Interview
John Kerry
Secretary of State
Washington, DC
March 18, 2014


QUESTION: Mr. Secretary, thanks for the time. I want to begin – as we talk about your budget, no more issue, obviously, is more timely than what’s going on in Ukraine right now. And you have today seen the developments with Vladimir Putin officially recognizing Crimea as part of Russia. Do you believe, after spending some time with Sergey Lavrov, that anything we are doing is truly resonating with the Russians right now?

SECRETARY KERRY: Well, I think the Russians are concerned about what may come. It’s not that the first tranche of sanctions were calculated to be the be-all and end-all. But there’s a quick way to get to that if they continue down this road, and it’s our hope that Russia will opt for a different way of resolving their concerns and interests in Ukraine. We know they have interests. We respect that. We understand that. But you don’t assert those interests in a unilateral fashion at the end of a gun and with tanks and trucks and troops. That’s not the way to do it.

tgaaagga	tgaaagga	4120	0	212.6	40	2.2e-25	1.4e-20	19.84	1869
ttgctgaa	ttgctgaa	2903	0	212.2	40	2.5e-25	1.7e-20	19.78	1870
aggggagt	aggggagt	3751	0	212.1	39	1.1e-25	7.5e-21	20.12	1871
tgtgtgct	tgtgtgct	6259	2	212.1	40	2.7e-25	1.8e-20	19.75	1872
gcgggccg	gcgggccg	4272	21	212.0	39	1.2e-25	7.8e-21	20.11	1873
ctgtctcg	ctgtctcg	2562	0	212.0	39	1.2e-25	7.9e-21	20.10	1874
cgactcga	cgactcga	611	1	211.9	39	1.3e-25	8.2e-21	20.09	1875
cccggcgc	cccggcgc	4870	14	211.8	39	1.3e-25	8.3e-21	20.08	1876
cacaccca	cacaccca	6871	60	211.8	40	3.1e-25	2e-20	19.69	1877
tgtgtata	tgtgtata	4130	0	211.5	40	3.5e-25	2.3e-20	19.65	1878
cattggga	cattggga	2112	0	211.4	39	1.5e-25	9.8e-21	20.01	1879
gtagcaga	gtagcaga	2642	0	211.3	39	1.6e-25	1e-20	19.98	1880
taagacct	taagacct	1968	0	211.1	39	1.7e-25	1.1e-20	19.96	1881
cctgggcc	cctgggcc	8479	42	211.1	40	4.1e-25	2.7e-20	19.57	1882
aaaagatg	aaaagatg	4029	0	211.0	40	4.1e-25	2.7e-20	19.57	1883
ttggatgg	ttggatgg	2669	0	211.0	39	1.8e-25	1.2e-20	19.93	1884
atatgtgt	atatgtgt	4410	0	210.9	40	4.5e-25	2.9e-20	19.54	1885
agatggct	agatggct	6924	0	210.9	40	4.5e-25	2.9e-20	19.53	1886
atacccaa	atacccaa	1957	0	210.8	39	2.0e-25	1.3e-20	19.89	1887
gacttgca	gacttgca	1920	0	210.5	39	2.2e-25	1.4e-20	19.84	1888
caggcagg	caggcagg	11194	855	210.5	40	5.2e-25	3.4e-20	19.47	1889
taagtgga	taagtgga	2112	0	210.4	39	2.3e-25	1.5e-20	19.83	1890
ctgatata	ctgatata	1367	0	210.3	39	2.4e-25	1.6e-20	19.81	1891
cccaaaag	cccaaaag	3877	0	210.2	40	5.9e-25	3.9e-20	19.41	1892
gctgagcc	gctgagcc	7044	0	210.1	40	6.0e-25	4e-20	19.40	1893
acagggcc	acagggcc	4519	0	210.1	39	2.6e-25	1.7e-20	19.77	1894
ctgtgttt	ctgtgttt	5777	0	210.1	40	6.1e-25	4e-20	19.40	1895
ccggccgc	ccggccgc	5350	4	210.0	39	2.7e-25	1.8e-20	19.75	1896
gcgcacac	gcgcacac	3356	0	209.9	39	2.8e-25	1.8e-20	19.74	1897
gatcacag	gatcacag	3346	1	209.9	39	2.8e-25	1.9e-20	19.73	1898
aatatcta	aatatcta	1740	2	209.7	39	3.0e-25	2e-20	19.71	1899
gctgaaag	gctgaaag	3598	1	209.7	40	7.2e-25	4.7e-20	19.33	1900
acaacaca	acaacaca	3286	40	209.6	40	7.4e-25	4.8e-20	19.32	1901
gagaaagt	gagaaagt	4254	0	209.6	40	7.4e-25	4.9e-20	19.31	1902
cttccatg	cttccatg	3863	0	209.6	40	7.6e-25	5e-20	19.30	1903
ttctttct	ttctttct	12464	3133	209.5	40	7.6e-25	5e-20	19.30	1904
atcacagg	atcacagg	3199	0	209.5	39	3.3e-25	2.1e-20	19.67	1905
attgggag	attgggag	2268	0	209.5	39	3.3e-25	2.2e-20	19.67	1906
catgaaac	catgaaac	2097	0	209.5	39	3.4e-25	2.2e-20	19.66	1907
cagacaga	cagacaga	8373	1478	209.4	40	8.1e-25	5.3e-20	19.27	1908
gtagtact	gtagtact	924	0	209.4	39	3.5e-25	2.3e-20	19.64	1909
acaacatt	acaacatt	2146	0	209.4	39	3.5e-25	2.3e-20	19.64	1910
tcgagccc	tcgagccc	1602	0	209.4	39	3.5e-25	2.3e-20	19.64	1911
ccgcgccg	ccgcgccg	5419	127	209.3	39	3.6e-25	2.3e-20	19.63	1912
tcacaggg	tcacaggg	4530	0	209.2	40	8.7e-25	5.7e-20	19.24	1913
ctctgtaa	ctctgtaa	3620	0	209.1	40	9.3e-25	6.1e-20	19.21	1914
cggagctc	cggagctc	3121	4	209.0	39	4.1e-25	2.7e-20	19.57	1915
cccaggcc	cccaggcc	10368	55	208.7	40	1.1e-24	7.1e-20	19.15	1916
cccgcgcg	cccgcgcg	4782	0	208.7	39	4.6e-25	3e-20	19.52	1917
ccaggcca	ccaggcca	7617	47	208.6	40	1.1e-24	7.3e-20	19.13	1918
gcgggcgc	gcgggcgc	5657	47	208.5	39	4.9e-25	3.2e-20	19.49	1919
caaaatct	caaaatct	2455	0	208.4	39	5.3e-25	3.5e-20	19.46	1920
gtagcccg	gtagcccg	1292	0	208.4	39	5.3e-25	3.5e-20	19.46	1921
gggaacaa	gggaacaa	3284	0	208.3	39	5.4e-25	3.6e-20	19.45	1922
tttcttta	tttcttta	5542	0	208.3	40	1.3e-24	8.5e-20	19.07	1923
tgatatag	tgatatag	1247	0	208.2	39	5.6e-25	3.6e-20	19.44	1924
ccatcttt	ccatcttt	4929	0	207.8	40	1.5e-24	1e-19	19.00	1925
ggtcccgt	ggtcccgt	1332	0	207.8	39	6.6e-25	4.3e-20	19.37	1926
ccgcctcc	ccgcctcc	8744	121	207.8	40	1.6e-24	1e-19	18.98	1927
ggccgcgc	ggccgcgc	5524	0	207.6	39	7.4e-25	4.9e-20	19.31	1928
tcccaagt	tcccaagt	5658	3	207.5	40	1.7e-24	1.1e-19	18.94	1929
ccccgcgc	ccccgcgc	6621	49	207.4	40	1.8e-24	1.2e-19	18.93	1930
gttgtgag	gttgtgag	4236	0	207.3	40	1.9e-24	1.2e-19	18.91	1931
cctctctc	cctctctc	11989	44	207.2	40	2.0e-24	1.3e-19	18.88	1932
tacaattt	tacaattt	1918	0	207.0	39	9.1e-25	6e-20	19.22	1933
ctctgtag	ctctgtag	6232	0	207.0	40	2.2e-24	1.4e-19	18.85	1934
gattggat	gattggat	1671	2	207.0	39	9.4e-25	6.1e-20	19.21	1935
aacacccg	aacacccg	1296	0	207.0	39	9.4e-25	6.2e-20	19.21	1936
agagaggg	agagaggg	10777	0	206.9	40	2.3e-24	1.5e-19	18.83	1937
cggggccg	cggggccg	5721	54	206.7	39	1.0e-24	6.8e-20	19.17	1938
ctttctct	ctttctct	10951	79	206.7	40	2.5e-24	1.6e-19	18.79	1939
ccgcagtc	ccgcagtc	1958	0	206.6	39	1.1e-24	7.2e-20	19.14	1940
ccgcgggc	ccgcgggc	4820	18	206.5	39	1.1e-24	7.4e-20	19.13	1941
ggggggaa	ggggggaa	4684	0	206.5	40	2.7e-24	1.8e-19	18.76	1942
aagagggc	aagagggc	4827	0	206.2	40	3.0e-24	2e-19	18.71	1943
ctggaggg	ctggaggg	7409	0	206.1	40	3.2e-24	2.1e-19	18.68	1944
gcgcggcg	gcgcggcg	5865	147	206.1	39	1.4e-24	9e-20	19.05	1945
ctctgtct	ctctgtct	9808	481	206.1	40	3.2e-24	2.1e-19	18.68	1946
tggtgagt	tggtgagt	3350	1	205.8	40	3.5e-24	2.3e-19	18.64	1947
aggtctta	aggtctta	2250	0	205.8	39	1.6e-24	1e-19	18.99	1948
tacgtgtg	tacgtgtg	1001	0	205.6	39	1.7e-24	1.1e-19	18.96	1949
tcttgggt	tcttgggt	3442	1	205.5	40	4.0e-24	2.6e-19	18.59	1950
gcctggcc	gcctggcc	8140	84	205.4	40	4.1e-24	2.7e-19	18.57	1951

QUESTION: As far as the criticism from people like your old colleague, from Senator John McCain, who thought that this would only encourage Vladimir Putin, because he called these moves timid – he said you couldn’t do anything weaker.

SECRETARY KERRY: What John doesn’t know is the substance of the private conversations we’ve had and the warnings that have been delivered and the realities that are on the table. Those often work just as well. Not everything has to be a high-pitched, trill message on television. Sometimes you can send one quietly from president to president and it has a lot of meaning.

QUESTION: Also, regarding the budget, you testified that we cannot calculate the cost of inaction. In other words, sometimes being proactive can save us a lot in the long run. Do you believe that there was some sort of inaction with this case that’s been --